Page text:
The Wing Commander series is known for being one of the earliest videogames to play with cinematic storytelling via cutscenes. Wing Commander III and IV went so far as to film live-action scenes with professional actors, casting Mark Hamill (best known as Luke Skywalker and the animated Joker), Tom Wilson (best known as Biff from Back To The Future), and John Rhys-Davies (best known as Gimli from Lord Of The Rings and The Professor from Sliders).

What sets Wing Commander apart from other videogame movies is that it was actually directed and co-written by the series creator, Chris Roberts, who had also been directing the live-action scenes for the games. This resulted in what is still one of the most faithful adaptations from videogame to film. Unfortunately, remaining faithful to the source material means nothing when the source material is poor to begin with.

What you get is essentially a B-movie with higher production values. Not that the special effects are ever a highlight; there's a brief attempt at "bullet time" so clumsily executed that it already looked dated, and The Matrix wasn't even out yet! 

Co-writing the script with Roberts is Kevin Droney, who also penned the script for the Mortal Kombat movie. But all he seems to contribute is making the lead characters just as unlikeable as that other movie

Making matters worse, the main characters have all been recast. Mark Hamill and Tom Wilson are strong enough actors that they're able to sell even the silliest line of dialogue, but Freddie Prinze, Jr. and Matthew Lillard don't afford the the filmmakers that luxury. 

For science fiction fans, the worst part is Roberts' complete ignorance as to how space actually works. When trashed fighter jet is pushed off the spaceship's runway, iit doesn't float away but instead falls downward. Down where? We're in space! At one point the crew is told to stay quiet as they pass a Kilrathi ship so that they won't be heard. We're in space! Noise does not travel in space!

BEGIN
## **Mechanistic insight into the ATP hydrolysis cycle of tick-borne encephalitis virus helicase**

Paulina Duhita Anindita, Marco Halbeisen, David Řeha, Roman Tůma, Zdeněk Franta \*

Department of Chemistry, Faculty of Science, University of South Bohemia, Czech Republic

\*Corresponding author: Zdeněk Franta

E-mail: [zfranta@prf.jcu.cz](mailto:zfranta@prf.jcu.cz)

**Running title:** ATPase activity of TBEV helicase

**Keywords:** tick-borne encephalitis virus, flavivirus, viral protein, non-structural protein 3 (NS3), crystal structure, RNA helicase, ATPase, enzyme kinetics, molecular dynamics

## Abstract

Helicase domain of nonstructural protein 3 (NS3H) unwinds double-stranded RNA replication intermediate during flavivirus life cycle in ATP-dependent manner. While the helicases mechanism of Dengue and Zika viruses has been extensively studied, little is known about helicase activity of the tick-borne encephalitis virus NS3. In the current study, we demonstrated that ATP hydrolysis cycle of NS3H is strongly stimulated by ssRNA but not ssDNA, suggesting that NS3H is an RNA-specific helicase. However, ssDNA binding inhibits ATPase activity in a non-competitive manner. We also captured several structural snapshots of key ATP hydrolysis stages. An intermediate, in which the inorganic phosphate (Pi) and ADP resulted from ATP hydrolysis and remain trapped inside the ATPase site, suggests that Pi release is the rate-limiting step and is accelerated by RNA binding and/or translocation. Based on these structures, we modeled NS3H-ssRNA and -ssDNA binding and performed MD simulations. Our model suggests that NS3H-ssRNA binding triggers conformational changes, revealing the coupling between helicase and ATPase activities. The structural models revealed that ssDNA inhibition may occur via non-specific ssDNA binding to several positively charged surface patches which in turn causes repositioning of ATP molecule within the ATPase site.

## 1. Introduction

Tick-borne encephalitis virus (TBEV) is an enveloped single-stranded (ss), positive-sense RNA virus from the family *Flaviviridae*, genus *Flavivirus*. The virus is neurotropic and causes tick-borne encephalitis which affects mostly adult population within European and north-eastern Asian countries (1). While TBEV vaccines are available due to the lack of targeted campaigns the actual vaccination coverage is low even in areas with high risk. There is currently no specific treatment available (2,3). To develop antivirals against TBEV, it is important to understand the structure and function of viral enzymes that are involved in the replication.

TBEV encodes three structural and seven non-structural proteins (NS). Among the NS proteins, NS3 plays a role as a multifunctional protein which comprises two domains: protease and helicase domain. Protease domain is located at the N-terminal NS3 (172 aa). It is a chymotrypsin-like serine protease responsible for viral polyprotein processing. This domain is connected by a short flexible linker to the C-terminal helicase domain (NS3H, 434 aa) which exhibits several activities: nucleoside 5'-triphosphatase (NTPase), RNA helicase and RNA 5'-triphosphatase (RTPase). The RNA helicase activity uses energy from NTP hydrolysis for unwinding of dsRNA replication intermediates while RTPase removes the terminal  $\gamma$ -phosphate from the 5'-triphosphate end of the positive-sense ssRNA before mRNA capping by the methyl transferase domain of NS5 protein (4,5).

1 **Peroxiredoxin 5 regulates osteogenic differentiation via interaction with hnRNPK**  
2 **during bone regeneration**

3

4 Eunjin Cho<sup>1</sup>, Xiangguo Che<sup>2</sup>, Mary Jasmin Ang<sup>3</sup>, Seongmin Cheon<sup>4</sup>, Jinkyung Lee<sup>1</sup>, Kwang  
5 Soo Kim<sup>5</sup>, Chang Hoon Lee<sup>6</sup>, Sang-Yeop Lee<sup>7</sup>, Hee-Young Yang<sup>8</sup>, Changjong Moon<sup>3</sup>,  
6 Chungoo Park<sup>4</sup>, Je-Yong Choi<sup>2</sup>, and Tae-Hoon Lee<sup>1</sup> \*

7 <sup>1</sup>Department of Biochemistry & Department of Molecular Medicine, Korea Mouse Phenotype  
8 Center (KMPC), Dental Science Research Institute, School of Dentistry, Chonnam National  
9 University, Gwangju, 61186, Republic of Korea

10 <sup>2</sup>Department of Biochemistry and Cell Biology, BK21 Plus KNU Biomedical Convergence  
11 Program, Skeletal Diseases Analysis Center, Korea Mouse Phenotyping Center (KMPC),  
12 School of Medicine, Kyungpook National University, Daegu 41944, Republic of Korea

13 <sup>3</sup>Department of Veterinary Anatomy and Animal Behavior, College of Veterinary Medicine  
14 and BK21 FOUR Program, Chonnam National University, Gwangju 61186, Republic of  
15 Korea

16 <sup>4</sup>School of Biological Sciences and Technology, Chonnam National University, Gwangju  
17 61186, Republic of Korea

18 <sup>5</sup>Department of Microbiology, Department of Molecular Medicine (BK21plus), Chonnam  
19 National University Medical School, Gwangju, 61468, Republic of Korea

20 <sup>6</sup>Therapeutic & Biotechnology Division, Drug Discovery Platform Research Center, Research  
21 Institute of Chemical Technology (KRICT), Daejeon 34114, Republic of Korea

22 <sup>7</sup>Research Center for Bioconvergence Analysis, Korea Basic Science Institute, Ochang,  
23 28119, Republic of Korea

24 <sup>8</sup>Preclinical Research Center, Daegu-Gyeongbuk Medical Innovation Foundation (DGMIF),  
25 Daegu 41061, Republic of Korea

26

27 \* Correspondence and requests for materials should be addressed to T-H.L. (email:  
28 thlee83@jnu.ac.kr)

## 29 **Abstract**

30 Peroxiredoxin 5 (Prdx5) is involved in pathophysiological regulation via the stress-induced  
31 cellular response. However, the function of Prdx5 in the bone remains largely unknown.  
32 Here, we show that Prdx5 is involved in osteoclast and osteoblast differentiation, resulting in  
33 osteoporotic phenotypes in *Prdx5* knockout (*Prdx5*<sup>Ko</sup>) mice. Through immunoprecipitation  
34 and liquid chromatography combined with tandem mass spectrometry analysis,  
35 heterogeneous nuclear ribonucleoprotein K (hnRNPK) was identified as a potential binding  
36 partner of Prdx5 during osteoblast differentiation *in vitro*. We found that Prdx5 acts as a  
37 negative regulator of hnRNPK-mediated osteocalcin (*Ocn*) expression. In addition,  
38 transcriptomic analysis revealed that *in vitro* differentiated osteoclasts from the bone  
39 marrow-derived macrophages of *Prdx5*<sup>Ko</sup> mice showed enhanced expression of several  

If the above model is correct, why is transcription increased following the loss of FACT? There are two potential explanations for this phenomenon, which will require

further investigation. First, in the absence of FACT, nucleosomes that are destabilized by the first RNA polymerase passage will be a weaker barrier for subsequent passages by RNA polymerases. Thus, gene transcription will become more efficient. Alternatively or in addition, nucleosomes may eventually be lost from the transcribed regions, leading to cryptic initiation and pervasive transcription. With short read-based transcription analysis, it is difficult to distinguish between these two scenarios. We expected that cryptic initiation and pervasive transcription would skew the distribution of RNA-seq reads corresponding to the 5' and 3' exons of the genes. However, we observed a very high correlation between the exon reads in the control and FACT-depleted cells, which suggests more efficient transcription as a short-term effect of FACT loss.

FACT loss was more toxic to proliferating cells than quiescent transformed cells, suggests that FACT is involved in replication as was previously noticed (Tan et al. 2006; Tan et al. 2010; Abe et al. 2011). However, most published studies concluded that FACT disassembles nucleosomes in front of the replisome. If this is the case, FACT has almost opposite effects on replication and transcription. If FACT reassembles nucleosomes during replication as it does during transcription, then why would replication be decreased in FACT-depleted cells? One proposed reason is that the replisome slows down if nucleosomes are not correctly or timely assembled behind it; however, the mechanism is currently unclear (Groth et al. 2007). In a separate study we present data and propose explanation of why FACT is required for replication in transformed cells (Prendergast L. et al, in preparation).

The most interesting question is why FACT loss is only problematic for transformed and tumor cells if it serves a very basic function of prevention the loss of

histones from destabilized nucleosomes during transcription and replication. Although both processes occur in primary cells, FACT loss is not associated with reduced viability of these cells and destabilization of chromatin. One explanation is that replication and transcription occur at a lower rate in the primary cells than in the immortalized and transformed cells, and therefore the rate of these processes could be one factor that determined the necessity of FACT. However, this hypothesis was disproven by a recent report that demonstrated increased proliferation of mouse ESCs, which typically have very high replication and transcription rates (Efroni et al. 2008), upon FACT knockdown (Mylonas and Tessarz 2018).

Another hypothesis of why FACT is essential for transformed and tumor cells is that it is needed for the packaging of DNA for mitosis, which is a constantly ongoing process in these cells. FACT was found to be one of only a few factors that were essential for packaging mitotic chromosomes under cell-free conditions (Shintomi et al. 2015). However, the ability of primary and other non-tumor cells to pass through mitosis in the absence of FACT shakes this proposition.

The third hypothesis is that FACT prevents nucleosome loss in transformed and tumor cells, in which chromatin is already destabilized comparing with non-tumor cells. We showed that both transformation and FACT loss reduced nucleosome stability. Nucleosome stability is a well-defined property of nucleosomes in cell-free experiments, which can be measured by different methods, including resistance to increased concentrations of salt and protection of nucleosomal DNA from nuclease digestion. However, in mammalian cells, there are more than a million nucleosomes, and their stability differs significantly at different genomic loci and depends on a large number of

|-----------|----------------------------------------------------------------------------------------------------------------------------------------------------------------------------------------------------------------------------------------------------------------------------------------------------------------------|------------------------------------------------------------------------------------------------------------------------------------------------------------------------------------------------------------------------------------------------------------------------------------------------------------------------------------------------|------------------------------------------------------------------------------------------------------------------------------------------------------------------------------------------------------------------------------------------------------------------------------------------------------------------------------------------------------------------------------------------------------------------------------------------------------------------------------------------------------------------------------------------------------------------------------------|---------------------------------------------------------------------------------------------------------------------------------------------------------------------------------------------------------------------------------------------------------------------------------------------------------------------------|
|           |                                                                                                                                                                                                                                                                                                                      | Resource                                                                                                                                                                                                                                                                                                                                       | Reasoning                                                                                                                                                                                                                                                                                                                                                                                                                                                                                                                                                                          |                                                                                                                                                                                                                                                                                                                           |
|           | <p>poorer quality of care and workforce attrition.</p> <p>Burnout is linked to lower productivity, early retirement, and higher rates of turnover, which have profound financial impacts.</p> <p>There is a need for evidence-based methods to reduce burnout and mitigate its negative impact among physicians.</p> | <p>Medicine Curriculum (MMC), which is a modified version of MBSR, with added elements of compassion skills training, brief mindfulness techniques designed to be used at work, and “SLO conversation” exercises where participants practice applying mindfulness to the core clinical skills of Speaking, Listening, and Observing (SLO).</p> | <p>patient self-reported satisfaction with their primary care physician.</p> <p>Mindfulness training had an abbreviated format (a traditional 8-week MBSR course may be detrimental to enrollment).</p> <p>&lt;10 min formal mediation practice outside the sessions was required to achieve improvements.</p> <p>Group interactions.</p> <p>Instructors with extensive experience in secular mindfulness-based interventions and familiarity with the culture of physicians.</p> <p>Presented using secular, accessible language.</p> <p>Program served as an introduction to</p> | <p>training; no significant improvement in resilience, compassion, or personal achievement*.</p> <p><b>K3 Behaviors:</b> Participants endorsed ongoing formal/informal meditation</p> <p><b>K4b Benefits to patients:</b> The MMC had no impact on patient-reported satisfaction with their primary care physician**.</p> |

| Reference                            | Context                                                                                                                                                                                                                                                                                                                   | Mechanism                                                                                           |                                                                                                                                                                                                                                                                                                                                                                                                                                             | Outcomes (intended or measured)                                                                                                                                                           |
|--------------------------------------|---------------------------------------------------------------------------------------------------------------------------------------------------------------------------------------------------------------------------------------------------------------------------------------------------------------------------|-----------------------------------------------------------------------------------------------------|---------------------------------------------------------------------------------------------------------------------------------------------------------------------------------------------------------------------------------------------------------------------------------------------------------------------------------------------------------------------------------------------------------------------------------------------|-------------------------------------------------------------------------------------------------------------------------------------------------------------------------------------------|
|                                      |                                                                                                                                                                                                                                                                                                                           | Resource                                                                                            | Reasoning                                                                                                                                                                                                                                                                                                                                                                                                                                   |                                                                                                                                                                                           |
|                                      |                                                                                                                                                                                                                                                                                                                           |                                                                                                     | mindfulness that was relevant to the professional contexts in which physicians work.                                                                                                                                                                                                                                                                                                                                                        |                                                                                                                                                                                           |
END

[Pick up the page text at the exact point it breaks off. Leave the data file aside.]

The one thing the movie does well is the lighting, sets, and cinematography. The look of it all has such a strong Battlestar Galatica (reboot) vibe to them, I almost wonder if that BSG series took visual inspiration from this. Mind you, both series are just trying to be Rogue Squadron written like Star Trek, so it could just be a coincidence. 

On the other hand, the Wing Commander had a female Starbuck before BSG did it. A black female Starbuck with a British accent, to be exact. Rosie is the only remotely likable character in the entire movie, which makes it especially disappointing when she dies partway through, unable to escape her fate of being a black character stuck in a 90s action movie. Her death marked the moment that I lost my last remaining bit of interest in the movie, and I only continued suffering through it just to say I finished it.

Wing Commander's biggest draw during its opening weekend was that it would be the only place that weekend where you could see the trailer for Star Wars: Episode I - The Phantom Menace, and numerous bought tickets just to see that trailer. Those poor fools...

Yet still not as bad as Double Dragon or Mortal Kombat: Annihilation.